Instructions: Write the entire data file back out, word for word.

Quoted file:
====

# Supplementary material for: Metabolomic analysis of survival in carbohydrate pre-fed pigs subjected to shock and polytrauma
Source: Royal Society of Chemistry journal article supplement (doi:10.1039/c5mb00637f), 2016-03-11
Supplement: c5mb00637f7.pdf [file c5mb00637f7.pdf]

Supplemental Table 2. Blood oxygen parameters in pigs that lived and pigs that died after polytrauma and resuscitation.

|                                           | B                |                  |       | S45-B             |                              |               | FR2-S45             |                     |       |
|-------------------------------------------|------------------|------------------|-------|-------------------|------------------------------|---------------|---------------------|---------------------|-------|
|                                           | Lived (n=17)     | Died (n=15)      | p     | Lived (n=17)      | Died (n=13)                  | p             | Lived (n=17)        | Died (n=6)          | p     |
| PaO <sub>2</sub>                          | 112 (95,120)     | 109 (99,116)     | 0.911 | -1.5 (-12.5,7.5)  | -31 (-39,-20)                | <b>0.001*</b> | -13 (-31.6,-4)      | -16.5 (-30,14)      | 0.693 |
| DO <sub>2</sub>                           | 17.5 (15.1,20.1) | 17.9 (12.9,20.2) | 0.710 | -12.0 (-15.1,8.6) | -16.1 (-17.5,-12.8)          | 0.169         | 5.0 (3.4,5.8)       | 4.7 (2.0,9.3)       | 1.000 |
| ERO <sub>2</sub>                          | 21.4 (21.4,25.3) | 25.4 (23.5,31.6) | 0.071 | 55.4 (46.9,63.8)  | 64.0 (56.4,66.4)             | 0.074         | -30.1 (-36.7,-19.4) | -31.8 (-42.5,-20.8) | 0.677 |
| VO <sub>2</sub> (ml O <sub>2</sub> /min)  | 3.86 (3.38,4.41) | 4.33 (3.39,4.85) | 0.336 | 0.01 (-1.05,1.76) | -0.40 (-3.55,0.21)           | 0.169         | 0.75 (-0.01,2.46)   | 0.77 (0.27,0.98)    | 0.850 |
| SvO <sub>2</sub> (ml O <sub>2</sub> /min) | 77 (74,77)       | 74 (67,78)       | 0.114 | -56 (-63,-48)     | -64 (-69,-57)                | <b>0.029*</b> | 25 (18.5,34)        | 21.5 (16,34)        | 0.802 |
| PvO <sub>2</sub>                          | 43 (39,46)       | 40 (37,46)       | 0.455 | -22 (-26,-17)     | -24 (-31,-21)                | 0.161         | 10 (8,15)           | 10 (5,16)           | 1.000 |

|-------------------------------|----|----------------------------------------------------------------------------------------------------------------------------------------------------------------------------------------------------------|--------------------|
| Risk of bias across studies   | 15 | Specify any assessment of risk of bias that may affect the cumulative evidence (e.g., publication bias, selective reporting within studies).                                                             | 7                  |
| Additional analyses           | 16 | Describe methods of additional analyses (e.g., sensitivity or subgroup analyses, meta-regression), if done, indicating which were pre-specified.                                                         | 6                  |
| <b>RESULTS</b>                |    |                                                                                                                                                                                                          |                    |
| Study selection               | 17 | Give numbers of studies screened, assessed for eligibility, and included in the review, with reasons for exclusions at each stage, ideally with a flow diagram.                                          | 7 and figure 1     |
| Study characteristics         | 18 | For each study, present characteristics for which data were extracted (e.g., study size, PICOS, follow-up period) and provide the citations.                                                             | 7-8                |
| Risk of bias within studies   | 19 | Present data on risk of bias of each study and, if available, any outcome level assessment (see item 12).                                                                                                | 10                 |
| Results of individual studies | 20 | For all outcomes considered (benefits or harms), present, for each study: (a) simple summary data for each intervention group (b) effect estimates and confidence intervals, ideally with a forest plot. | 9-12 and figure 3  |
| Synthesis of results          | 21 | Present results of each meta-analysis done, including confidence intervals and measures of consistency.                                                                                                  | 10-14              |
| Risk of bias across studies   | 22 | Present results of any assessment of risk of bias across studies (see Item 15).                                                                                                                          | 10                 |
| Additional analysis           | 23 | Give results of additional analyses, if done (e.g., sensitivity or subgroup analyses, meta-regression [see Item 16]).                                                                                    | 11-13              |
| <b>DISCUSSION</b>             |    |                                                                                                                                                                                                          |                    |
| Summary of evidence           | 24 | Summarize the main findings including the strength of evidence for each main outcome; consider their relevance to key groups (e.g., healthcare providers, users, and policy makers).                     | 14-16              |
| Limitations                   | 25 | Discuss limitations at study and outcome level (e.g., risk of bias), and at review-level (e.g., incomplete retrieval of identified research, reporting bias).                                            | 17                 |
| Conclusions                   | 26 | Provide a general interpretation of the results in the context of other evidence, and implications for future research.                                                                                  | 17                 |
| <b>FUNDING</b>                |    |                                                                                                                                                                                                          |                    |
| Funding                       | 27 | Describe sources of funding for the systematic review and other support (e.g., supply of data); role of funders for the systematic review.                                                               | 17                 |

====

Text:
# Supplementary material for: Metabolomic analysis of survival in carbohydrate pre-fed pigs subjected to shock and polytrauma
Source: Royal Society of Chemistry journal article supplement (doi:10.1039/c5mb00637f), 2016-03-11
Supplement: c5mb00637f7.pdf [file c5mb00637f7.pdf]

Supplemental Table 2. Blood oxygen parameters in pigs that lived and pigs that died after polytrauma and resuscitation.

|                                           | B                |                  |       | S45-B             |                              |               | FR2-S45             |                     |       |
|-------------------------------------------|------------------|------------------|-------|-------------------|------------------------------|---------------|---------------------|---------------------|-------|
|                                           | Lived (n=17)     | Died (n=15)      | p     | Lived (n=17)      | Died (n=13)                  | p             | Lived (n=17)        | Died (n=6)          | p     |
| PaO <sub>2</sub>                          | 112 (95,120)     | 109 (99,116)     | 0.911 | -1.5 (-12.5,7.5)  | -31 (-39,-20)                | <b>0.001*</b> | -13 (-31.6,-4)      | -16.5 (-30,14)      | 0.693 |
| DO <sub>2</sub>                           | 17.5 (15.1,20.1) | 17.9 (12.9,20.2) | 0.710 | -12.0 (-15.1,8.6) | -16.1 (-17.5,-12.8)          | 0.169         | 5.0 (3.4,5.8)       | 4.7 (2.0,9.3)       | 1.000 |
| ERO <sub>2</sub>                          | 21.4 (21.4,25.3) | 25.4 (23.5,31.6) | 0.071 | 55.4 (46.9,63.8)  | 64.0 (56.4,66.4)             | 0.074         | -30.1 (-36.7,-19.4) | -31.8 (-42.5,-20.8) | 0.677 |
| VO <sub>2</sub> (ml O <sub>2</sub> /min)  | 3.86 (3.38,4.41) | 4.33 (3.39,4.85) | 0.336 | 0.01 (-1.05,1.76) | -0.40 (-3.55,0.21)           | 0.169         | 0.75 (-0.01,2.46)   | 0.77 (0.27,0.98)    | 0.850 |
| SvO <sub>2</sub> (ml O <sub>2</sub> /min) | 77 (74,77)       | 74 (67,78)       | 0.114 | -56 (-63,-48)     | -64 (-69,-57)                | <b>0.029*</b> | 25 (18.5,34)        | 21.5 (16,34)        | 0.802 |
| PvO <sub>2</sub>                          | 43 (39,46)       | 40 (37,46)       | 0.455 | -22 (-26,-17)     | -24 (-31,-21)                | 0.161         | 10 (8,15)           | 10 (5,16)           | 1.000 |

|-------------------------------|----|----------------------------------------------------------------------------------------------------------------------------------------------------------------------------------------------------------|--------------------|
| Risk of bias across studies   | 15 | Specify any assessment of risk of bias that may affect the cumulative evidence (e.g., publication bias, selective reporting within studies).                                                             | 7                  |
| Additional analyses           | 16 | Describe methods of additional analyses (e.g., sensitivity or subgroup analyses, meta-regression), if done, indicating which were pre-specified.                                                         | 6                  |
| <b>RESULTS</b>                |    |                                                                                                                                                                                                          |                    |
| Study selection               | 17 | Give numbers of studies screened, assessed for eligibility, and included in the review, with reasons for exclusions at each stage, ideally with a flow diagram.                                          | 7 and figure 1     |
| Study characteristics         | 18 | For each study, present characteristics for which data were extracted (e.g., study size, PICOS, follow-up period) and provide the citations.                                                             | 7-8                |
| Risk of bias within studies   | 19 | Present data on risk of bias of each study and, if available, any outcome level assessment (see item 12).                                                                                                | 10                 |
| Results of individual studies | 20 | For all outcomes considered (benefits or harms), present, for each study: (a) simple summary data for each intervention group (b) effect estimates and confidence intervals, ideally with a forest plot. | 9-12 and figure 3  |
| Synthesis of results          | 21 | Present results of each meta-analysis done, including confidence intervals and measures of consistency.                                                                                                  | 10-14              |
| Risk of bias across studies   | 22 | Present results of any assessment of risk of bias across studies (see Item 15).                                                                                                                          | 10                 |
| Additional analysis           | 23 | Give results of additional analyses, if done (e.g., sensitivity or subgroup analyses, meta-regression [see Item 16]).                                                                                    | 11-13              |
| <b>DISCUSSION</b>             |    |                                                                                                                                                                                                          |                    |
| Summary of evidence           | 24 | Summarize the main findings including the strength of evidence for each main outcome; consider their relevance to key groups (e.g., healthcare providers, users, and policy makers).                     | 14-16              |
| Limitations                   | 25 | Discuss limitations at study and outcome level (e.g., risk of bias), and at review-level (e.g., incomplete retrieval of identified research, reporting bias).                                            | 17                 |
| Conclusions                   | 26 | Provide a general interpretation of the results in the context of other evidence, and implications for future research.                                                                                  | 17                 |
| <b>FUNDING</b>                |    |                                                                                                                                                                                                          |                    |
| Funding                       | 27 | Describe sources of funding for the systematic review and other support (e.g., supply of data); role of funders for the systematic review.                                                               | 17                 |